- Children born stateless in Europe, for example because their parents are stateless or because they cannot inherit their parents’ nationality due to gaps or discrimination in nationality laws.
- Children who are not registered at birth, for example in vulnerable minority populations like the Roma.
- Children who come to Europe as refugees or asylum-seekers and are stateless from their home country.
UNHCR and UNICEF have jointly provided a set of recommendations to address childhood statelessness in Europe:
- Ensuring that every stateless refugee or migrant child is properly identified and protected upon arrival in Europe.
- Simplifying procedures to enable stateless children to acquire a nationality as soon as possible.
- Adopting or amending legislation to include safeguards granting nationality to all children born in a country who would otherwise be stateless.
News and activities on Statelessness
UNHCR and Council of Europe discuss statelessness, urge States to uphold the right to a nationality in Europe
Strengthening efforts to end statelessness in Europe was the key theme of the events organized on 23-24 September in Strasbourg, France.
Ensuring the right to a nationality and eradicating statelessness is achievable and more pressing than ever, UNHCR, the UN Refugee Agency, stressed today, as the international community marks the 60th anniversary of the adoption of the 1961 UN Convention on the...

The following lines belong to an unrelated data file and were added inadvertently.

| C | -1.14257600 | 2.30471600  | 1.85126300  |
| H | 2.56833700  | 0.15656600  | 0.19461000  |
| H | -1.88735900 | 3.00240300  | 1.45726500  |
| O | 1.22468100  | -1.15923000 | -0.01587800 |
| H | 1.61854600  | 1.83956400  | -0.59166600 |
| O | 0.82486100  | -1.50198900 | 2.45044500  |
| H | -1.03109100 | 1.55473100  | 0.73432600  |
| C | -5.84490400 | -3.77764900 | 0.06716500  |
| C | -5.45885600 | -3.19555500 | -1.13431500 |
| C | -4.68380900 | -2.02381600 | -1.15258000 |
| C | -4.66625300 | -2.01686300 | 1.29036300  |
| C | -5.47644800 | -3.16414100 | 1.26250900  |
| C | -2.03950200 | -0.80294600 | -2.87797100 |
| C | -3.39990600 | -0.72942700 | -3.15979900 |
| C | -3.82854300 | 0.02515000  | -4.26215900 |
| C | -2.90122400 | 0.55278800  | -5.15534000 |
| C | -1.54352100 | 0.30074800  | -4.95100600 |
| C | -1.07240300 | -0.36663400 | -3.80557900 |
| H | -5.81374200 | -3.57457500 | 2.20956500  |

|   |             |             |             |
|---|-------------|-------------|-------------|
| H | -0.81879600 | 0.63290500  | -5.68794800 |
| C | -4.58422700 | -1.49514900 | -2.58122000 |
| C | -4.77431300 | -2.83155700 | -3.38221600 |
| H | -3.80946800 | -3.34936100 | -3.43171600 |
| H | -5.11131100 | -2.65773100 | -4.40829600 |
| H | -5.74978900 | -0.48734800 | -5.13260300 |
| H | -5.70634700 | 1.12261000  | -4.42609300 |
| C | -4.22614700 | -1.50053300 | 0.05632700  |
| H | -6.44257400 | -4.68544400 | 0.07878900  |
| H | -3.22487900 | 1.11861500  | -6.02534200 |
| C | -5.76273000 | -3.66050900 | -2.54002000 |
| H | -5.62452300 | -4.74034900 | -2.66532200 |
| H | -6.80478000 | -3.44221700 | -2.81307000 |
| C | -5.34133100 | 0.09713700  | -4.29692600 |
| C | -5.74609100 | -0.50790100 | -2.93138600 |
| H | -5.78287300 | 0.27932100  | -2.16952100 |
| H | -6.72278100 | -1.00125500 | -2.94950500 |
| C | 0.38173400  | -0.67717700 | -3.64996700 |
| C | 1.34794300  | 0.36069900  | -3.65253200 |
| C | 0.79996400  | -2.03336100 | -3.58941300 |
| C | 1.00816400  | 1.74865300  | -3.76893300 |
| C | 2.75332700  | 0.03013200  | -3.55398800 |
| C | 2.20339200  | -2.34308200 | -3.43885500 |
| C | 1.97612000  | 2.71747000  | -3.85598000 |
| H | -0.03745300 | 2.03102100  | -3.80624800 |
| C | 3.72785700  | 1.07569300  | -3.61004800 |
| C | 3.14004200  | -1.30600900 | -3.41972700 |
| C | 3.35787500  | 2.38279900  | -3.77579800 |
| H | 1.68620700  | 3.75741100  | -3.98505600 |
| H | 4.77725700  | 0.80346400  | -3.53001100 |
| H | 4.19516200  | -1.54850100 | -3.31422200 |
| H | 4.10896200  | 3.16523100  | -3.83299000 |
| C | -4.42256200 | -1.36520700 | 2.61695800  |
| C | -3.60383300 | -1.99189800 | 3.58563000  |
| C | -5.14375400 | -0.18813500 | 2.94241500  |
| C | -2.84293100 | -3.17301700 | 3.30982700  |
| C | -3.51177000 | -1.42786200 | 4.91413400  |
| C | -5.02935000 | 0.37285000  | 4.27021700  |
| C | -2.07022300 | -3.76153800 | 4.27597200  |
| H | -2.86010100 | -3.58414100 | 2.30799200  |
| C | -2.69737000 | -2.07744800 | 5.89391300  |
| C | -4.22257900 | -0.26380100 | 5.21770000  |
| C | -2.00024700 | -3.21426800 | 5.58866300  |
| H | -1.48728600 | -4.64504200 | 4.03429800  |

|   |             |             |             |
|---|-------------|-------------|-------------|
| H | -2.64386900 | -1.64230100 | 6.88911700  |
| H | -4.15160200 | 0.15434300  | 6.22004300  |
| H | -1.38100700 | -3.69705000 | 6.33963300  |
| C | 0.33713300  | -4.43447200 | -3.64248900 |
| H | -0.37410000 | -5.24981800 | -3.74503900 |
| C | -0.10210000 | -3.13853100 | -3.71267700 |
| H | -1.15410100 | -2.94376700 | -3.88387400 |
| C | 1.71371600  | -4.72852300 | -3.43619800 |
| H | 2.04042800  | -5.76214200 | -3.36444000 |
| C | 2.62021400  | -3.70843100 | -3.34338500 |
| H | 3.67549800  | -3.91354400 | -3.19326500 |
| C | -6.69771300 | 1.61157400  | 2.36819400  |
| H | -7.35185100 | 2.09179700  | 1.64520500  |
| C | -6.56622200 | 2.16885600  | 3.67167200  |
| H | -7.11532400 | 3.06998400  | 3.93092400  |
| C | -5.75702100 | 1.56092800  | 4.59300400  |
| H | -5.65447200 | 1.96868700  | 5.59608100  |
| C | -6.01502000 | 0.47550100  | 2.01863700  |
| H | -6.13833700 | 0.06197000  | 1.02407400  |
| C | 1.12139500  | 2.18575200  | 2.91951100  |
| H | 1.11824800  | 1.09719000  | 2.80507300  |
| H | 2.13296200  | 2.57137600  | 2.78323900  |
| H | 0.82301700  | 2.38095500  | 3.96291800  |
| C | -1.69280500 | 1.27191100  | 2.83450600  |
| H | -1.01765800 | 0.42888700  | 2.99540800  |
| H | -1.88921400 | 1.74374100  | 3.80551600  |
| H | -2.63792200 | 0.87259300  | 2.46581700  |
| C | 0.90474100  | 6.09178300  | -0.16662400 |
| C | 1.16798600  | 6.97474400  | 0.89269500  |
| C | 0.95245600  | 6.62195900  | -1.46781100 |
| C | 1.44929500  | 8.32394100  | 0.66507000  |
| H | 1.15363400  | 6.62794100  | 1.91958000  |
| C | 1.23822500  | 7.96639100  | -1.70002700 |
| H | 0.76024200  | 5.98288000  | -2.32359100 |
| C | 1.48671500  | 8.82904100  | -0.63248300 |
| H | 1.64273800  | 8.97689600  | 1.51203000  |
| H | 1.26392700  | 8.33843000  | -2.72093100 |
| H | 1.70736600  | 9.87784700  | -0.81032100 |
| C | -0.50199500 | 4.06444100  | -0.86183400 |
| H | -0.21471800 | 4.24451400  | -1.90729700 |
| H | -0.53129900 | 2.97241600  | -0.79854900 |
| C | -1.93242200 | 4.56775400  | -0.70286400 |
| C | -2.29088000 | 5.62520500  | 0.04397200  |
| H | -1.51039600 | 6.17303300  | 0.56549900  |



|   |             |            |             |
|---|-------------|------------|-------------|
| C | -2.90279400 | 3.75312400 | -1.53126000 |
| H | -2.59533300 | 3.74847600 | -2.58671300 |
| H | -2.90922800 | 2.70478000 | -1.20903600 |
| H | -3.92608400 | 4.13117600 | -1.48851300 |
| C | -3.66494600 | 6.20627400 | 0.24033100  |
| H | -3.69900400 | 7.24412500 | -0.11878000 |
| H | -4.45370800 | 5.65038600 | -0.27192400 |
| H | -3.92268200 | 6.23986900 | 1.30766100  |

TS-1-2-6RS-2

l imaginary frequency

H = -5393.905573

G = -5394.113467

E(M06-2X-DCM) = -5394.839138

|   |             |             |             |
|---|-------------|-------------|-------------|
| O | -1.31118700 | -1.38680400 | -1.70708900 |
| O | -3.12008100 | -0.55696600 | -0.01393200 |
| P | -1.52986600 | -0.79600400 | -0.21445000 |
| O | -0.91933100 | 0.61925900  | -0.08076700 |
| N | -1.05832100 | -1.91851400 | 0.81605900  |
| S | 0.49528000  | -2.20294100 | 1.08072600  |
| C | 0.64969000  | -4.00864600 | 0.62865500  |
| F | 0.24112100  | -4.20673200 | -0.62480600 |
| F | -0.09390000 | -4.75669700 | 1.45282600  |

UNHCR, the UN Refugee Agency, has together with the Swedish Organization Against Statelessness (SOAS) produced the joint seminar “The right to a nationality – the right to human rights” on the issue of statelessness. The seminar explores the causes...
Almontaser Quteineh, 39, has been living in Sweden as a stateless person since 2015 together with two of his children. They are stateless Palestinians and are not recognized as citizens of any country. Without a dedicated procedure for stateless persons to request...
UNHCR, the UN Refugee Agency, welcomes Iceland’s accession to the United Nations Statelessness Conventions, key international treaties to counter statelessness. “We welcome Iceland’s accession, which brings the world one step closer towards ending statelessness,” said...
Today, a UNHCR-commissioned report analyzing the legal practice on statelessness in Norway is launched. Commending Norway’s commitment to end statelessness, UNHCR reiterates its concrete recommendations to the country in this area.